Breadth or Depth

Recently I was at a #DevTo meetup in Toronto – No country for old programmers. One of the questions for the 4 panelists was whether in their experience, it was better to have breadth or depth of knowledge/skills. At the time, I jokingly thought both. The reality for myself is breadth. This wasn’t a conscious choice at some point during my career. The fact is, I’m interested in many technologies. I started my undergraduate in Physics, switched to Mathematics part way through, and got a job as a programmer when I graduated. To get paid for doing a hobby was great, and I still think that today. But even today, I am still interested in many areas. A few months ago, I took a chemistry course at Duke University through Coursera. And I’m still trying to get a layman’s grasp of Quantum Mechanics without destroying my brain.

When I think about my closest friends, almost all seem to be breadth instead of depth as well. Which is good since when I or them make some obscure joke referring to some other area of technology, we both grok it. I don’t know if I tend to subconsciously gravitate to building friendships easier with breadth over depth people, or not. I think I find them more interesting since it opens up more areas of potential interesting conversation.

I’m reminded of a friend of mine who I also consider a Breadth over Depth kind of person, but who strived for depth when it came to learning programming languages. At least when I worked with him more than 30 years ago at an OCR company. We were programming Sperry Univac mini-computers, running an operating system called Vortex. We were writing in assembler. It was awful as far as assembly languages go, but it was my first full-time job after University and I was having fun (my next job was writing in VAX assembler which I enjoyed). Anyway, when I learn a language, I learn a small subset of what I think is important, and then I just start blasting out code. My friend however spent a pile of time learning the (assembly) language thoroughly before really doing anything. He knew which instructions and sequences would be faster, and spent time looking at the machine-code generated. I had no time to worry about efficiency and had to write real-time drivers for a machine to read postal-codes and pre-sort mail. The senior programmer had quit and I had an enormous amount of extra work to get done so we could deliver this half-million dollar machine. I believe the company claimed to customers that it could pre-sort 30,000 pieces of mail an hour. After I blasted out the code, we measured it at 45,000 pieces of mail. So my code was easily good enough for the performance required.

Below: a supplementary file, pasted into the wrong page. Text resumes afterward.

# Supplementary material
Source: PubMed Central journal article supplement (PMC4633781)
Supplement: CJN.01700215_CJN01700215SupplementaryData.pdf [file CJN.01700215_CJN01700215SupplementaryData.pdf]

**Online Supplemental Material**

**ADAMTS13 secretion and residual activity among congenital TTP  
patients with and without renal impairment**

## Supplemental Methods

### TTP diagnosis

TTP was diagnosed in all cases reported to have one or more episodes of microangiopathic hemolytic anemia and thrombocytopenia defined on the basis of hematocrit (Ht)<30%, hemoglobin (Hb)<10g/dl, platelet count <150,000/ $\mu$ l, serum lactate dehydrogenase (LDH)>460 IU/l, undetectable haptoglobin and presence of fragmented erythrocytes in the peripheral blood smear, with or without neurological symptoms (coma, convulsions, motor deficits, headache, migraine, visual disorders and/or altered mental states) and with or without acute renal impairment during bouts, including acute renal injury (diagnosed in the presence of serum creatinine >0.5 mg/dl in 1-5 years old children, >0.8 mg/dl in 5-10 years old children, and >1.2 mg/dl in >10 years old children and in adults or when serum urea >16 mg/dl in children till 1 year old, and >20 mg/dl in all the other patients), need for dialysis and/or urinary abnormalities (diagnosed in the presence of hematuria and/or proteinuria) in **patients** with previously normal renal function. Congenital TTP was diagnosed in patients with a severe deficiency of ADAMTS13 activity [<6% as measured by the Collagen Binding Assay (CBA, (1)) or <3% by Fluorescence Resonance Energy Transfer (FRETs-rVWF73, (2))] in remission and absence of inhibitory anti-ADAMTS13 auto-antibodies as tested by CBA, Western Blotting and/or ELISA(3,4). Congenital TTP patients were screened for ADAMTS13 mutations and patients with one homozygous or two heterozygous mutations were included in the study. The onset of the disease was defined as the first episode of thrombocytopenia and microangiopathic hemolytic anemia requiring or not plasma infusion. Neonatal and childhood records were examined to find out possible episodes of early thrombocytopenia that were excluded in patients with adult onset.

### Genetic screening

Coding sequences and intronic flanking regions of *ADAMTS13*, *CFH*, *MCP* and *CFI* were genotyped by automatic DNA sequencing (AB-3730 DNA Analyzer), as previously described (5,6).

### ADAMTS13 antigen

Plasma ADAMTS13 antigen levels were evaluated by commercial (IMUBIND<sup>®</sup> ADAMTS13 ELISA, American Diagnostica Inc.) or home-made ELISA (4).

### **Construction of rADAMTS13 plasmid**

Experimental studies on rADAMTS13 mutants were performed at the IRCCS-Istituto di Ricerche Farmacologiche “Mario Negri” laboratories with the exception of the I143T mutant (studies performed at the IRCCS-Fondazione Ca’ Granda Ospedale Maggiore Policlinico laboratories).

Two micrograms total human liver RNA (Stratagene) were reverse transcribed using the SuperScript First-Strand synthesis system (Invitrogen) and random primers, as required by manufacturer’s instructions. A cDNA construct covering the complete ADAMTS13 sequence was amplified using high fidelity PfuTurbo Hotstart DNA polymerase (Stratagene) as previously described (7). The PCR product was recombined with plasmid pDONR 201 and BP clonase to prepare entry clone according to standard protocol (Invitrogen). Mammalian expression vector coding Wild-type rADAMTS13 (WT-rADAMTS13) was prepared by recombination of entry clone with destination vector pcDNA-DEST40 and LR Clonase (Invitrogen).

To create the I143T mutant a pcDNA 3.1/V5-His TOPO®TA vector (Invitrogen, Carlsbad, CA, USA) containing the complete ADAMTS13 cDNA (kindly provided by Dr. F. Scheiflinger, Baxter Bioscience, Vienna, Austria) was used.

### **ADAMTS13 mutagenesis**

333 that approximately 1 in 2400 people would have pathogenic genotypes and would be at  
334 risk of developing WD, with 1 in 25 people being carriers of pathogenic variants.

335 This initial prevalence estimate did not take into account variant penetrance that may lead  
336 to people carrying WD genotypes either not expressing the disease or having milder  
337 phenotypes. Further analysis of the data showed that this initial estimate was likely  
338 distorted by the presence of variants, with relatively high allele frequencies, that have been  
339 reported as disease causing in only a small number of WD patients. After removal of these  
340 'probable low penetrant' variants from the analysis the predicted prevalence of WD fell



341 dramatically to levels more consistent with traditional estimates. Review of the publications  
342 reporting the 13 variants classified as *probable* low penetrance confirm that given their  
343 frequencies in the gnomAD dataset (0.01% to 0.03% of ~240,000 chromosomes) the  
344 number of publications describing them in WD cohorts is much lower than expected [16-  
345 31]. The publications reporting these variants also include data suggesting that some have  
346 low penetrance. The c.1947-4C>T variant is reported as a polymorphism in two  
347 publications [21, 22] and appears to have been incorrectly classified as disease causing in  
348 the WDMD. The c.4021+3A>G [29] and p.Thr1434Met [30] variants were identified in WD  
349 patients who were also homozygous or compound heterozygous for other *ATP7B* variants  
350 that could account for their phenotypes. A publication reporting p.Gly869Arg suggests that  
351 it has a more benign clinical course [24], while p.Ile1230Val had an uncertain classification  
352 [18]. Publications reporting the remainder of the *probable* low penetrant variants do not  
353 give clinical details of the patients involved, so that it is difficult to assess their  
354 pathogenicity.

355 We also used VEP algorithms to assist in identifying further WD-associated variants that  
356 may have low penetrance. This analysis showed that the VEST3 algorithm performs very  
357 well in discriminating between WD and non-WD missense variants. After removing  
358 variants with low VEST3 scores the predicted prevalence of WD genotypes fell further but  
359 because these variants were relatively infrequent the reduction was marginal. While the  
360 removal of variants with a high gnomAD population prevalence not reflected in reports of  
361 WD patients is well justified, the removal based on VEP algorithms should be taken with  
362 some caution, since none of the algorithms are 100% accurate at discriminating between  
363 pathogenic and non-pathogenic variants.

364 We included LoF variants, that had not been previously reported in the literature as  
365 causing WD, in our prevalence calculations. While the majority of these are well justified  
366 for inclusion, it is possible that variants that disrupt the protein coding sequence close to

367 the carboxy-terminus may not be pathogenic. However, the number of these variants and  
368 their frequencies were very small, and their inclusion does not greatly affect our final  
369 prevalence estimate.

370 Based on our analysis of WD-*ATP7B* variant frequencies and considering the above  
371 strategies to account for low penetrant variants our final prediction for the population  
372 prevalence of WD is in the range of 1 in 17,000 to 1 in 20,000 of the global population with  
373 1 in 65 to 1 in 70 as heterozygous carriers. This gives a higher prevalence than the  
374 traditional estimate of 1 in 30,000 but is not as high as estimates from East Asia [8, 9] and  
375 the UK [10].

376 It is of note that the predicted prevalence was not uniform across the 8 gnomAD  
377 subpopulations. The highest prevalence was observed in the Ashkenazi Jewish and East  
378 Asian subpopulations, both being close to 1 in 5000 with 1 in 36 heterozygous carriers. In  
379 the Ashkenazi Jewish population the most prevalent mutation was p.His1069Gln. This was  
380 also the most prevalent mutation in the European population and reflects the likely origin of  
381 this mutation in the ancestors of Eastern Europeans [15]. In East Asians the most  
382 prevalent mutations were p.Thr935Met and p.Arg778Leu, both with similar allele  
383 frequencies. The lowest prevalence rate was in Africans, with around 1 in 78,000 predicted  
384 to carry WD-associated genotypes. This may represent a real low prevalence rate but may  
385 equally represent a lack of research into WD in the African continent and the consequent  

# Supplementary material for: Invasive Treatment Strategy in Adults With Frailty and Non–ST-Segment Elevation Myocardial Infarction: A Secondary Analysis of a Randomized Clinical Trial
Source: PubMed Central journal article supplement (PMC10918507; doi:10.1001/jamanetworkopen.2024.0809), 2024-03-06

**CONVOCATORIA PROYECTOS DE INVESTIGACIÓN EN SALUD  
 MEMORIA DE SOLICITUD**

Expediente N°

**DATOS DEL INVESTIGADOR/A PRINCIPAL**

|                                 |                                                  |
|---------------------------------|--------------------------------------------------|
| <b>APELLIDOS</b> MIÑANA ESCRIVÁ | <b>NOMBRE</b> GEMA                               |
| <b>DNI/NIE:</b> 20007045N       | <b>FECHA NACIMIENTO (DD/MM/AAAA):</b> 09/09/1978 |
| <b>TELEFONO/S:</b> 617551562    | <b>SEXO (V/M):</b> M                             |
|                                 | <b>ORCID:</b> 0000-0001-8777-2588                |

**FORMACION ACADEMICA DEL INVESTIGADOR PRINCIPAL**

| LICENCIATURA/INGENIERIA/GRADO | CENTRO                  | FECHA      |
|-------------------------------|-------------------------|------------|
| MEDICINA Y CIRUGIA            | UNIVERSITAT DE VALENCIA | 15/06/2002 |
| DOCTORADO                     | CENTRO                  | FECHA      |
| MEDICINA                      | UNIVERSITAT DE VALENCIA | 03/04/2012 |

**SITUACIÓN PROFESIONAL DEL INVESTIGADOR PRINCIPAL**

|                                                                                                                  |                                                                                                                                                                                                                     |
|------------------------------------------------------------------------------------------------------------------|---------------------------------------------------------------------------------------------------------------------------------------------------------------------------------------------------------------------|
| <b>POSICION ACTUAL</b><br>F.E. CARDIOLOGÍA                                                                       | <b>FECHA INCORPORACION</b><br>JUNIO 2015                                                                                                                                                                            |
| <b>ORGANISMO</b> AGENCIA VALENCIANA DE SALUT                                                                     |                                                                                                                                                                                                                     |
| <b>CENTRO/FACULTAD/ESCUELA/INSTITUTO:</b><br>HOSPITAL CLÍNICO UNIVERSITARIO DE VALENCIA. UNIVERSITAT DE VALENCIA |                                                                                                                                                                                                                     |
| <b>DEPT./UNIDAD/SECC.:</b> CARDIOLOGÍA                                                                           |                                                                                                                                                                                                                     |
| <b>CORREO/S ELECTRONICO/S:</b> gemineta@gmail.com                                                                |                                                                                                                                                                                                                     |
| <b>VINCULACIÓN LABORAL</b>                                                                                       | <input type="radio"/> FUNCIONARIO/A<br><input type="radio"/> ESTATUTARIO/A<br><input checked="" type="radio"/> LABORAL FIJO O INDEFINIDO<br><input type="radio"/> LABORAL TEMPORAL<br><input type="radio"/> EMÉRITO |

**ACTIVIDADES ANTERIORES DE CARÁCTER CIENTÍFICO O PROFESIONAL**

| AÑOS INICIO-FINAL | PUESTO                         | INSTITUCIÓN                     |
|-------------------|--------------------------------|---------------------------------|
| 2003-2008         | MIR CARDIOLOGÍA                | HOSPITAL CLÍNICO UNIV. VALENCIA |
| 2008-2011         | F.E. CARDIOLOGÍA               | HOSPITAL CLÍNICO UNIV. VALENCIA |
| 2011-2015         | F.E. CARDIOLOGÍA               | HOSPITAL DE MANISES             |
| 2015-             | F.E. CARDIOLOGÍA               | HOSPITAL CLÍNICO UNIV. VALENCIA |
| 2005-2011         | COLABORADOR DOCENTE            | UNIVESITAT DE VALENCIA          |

At the time I remember thinking that the way to characterize my friend and I is that he writes fast code, and I write code fast. And I believe it is the latter that almost all companies would look for. Thirty years later, I still do the same. I learn a subset of core functionality and start coding.

Anyway, yeh, it’s breadth over depth for me.

Now if you’ll excuse me, it’s 6am, I’m not tired yet, and I’m going to go read some genetics stuff…


RJ is a freelance consultant living in Toronto specializing in software development and systems administration on Unix/Linux systems.

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